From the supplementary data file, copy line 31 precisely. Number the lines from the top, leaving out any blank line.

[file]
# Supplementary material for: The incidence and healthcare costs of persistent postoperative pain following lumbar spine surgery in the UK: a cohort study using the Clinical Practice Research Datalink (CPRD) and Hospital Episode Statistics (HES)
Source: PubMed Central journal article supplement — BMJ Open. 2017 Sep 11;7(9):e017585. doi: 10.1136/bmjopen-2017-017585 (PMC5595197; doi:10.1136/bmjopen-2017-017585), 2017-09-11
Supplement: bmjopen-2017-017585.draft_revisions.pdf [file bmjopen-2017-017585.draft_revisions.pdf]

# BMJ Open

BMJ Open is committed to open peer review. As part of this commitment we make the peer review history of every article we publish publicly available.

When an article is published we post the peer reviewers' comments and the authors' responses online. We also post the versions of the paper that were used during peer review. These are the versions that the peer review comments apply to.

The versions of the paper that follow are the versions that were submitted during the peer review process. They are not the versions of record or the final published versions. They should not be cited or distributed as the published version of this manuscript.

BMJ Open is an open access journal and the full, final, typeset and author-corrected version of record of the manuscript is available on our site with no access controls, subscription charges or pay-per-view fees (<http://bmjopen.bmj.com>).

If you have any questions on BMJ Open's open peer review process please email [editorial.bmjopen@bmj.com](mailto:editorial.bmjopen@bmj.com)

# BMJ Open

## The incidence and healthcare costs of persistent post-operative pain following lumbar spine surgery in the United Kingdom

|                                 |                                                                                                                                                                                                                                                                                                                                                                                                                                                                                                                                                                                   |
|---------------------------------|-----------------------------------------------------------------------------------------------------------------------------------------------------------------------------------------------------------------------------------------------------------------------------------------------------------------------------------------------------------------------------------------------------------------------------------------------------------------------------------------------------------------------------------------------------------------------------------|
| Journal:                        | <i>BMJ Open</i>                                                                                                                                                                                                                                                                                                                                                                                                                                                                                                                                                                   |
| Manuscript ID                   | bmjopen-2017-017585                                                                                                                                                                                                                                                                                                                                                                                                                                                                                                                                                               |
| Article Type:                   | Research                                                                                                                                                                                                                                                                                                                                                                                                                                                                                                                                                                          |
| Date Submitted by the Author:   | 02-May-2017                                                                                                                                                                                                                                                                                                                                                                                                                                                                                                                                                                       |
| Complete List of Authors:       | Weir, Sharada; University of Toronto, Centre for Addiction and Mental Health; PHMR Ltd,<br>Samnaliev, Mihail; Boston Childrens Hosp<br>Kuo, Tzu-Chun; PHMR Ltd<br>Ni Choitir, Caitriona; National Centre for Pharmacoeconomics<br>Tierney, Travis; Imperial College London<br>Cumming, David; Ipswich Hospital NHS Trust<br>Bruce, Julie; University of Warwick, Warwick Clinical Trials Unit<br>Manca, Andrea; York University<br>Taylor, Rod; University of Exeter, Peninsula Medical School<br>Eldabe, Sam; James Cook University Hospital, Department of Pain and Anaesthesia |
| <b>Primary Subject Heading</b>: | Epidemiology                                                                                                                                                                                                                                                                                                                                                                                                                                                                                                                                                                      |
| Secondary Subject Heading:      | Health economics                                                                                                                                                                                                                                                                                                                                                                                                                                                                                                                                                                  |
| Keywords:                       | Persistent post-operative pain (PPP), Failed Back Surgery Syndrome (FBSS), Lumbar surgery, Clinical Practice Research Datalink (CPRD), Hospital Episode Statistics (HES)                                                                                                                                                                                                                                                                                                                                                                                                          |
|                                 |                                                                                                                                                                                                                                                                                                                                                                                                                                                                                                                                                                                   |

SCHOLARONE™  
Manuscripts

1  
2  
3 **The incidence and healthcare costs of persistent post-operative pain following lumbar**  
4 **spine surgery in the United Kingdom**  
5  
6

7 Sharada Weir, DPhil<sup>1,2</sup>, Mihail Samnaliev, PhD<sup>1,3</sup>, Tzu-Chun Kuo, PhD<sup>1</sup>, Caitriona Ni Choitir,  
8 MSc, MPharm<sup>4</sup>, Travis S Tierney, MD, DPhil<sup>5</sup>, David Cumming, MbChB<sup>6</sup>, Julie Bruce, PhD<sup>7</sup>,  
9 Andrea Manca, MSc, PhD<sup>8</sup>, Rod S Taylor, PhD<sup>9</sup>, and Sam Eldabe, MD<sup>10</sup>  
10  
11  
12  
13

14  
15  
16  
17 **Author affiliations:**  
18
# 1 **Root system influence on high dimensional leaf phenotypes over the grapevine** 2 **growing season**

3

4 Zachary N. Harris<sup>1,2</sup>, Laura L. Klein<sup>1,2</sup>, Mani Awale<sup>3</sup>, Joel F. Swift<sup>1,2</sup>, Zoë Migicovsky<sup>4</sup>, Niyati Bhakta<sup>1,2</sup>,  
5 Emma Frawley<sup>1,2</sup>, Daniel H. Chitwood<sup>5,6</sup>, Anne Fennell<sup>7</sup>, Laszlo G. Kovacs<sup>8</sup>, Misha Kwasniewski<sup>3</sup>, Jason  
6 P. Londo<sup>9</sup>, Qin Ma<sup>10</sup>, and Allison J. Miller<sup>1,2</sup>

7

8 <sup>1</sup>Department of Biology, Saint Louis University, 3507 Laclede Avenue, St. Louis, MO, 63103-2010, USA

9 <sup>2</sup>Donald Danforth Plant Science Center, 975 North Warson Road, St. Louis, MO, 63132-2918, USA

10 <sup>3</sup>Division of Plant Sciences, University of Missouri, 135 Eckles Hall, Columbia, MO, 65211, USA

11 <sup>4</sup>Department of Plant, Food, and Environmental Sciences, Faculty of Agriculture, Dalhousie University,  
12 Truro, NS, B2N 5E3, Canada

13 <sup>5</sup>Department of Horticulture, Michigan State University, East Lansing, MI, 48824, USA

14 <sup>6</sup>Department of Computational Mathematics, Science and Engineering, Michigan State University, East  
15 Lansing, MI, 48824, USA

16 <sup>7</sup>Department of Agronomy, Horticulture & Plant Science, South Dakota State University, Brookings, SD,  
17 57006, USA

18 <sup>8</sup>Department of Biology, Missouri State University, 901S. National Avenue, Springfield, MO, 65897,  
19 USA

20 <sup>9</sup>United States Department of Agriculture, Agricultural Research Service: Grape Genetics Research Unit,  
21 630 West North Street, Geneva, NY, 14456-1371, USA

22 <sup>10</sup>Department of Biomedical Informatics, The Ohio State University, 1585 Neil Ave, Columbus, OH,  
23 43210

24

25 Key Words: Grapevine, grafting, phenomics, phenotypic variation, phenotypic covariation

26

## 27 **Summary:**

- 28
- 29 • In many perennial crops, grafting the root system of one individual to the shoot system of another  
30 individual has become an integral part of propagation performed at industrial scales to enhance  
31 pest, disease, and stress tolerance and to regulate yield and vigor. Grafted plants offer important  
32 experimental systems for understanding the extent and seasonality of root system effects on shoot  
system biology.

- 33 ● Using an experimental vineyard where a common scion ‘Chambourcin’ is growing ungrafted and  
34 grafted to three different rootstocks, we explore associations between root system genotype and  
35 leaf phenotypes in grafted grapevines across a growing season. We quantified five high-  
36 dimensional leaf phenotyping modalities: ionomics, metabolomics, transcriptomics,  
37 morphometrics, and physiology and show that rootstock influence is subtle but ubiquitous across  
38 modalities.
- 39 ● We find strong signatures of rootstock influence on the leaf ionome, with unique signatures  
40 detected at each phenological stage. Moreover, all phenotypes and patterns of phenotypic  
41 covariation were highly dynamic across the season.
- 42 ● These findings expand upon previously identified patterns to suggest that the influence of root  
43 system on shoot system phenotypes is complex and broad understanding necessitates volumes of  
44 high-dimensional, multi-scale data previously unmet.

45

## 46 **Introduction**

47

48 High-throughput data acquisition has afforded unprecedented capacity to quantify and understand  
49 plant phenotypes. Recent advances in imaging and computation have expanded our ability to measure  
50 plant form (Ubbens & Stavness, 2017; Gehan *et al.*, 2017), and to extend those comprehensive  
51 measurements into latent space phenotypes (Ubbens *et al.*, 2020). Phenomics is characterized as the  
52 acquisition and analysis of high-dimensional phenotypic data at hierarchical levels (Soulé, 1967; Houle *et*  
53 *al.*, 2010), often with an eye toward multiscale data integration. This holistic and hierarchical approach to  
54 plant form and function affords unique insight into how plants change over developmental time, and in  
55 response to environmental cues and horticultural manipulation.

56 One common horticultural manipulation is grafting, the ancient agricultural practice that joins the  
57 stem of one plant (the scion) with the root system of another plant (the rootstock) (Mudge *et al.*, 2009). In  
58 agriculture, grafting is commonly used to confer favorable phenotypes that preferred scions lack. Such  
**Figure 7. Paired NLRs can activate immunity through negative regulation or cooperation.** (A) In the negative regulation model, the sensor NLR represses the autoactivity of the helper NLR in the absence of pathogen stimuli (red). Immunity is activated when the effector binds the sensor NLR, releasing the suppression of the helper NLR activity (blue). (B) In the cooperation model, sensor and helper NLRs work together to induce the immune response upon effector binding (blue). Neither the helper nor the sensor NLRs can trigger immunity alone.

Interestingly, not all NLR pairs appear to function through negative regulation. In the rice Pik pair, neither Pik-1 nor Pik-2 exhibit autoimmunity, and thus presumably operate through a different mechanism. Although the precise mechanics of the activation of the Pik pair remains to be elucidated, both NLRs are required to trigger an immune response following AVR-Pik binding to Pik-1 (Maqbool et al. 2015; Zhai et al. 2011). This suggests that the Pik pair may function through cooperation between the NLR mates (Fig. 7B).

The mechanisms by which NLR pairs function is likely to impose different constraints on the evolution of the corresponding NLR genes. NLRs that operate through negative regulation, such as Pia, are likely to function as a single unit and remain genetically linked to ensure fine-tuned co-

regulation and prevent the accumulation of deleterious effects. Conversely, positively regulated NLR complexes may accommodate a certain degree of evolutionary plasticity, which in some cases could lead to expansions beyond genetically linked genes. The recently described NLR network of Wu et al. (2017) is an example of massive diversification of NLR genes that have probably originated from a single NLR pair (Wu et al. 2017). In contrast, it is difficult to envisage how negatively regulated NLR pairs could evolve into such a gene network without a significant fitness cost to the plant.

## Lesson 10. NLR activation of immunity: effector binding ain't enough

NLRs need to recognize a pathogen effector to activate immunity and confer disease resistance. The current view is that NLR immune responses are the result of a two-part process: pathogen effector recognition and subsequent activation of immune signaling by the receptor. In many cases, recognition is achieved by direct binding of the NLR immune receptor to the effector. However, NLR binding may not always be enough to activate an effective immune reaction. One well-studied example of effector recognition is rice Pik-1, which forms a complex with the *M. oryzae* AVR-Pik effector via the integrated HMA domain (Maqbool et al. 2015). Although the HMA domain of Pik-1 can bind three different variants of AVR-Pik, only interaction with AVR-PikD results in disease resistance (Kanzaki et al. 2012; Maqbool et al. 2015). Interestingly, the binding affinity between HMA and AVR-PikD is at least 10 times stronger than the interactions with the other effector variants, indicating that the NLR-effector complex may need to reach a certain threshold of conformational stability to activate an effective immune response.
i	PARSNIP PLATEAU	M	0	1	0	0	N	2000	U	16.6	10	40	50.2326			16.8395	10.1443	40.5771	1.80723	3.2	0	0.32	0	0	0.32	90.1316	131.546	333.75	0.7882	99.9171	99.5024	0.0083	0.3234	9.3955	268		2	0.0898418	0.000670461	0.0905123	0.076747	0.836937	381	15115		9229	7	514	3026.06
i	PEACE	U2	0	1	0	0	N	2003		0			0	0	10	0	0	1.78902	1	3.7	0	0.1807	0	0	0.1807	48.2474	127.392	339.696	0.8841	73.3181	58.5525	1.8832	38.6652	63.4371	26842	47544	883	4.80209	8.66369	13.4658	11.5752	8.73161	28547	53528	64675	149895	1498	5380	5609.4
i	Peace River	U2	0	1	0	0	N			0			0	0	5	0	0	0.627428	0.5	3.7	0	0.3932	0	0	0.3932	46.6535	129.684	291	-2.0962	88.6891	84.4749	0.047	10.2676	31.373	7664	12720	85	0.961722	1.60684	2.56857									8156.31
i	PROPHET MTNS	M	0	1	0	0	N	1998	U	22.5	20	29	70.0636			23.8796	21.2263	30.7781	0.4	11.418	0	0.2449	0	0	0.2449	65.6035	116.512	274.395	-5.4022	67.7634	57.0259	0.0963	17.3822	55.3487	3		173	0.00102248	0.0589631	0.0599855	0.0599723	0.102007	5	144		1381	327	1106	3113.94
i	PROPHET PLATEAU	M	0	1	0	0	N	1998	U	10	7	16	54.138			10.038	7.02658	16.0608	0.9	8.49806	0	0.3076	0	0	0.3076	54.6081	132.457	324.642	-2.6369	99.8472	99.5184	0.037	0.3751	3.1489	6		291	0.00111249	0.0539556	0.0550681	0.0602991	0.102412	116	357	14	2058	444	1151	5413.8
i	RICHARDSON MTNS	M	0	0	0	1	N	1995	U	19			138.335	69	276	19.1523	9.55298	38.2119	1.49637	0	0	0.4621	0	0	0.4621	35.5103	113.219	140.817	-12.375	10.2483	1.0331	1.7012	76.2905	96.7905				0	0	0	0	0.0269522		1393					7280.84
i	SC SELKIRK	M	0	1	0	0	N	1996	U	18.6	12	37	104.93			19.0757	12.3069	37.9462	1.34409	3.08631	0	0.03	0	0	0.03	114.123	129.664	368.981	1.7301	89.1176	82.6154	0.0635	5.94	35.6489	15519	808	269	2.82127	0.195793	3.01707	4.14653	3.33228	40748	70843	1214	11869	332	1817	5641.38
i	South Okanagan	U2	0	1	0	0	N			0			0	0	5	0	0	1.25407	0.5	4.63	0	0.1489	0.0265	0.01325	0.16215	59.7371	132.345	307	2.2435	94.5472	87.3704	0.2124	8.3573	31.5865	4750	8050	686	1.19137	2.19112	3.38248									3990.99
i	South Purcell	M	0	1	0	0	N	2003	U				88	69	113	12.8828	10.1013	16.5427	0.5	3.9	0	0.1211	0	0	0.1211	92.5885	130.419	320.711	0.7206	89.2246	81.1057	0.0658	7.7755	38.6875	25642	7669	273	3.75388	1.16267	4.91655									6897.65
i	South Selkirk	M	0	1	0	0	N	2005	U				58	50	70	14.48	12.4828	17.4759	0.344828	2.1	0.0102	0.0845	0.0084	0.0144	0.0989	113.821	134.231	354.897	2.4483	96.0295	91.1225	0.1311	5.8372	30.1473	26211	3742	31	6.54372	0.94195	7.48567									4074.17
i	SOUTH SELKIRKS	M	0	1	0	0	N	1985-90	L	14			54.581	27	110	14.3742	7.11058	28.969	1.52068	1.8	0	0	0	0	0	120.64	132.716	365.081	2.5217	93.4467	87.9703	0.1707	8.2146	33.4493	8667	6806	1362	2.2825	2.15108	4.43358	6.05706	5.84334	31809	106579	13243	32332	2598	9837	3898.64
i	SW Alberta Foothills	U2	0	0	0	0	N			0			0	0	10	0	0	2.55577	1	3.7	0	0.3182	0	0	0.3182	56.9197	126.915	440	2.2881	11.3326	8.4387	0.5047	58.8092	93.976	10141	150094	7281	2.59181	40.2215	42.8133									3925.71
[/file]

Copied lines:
7 Sharada Weir, DPhil<sup>1,2</sup>, Mihail Samnaliev, PhD<sup>1,3</sup>, Tzu-Chun Kuo, PhD<sup>1</sup>, Caitriona Ni Choitir,  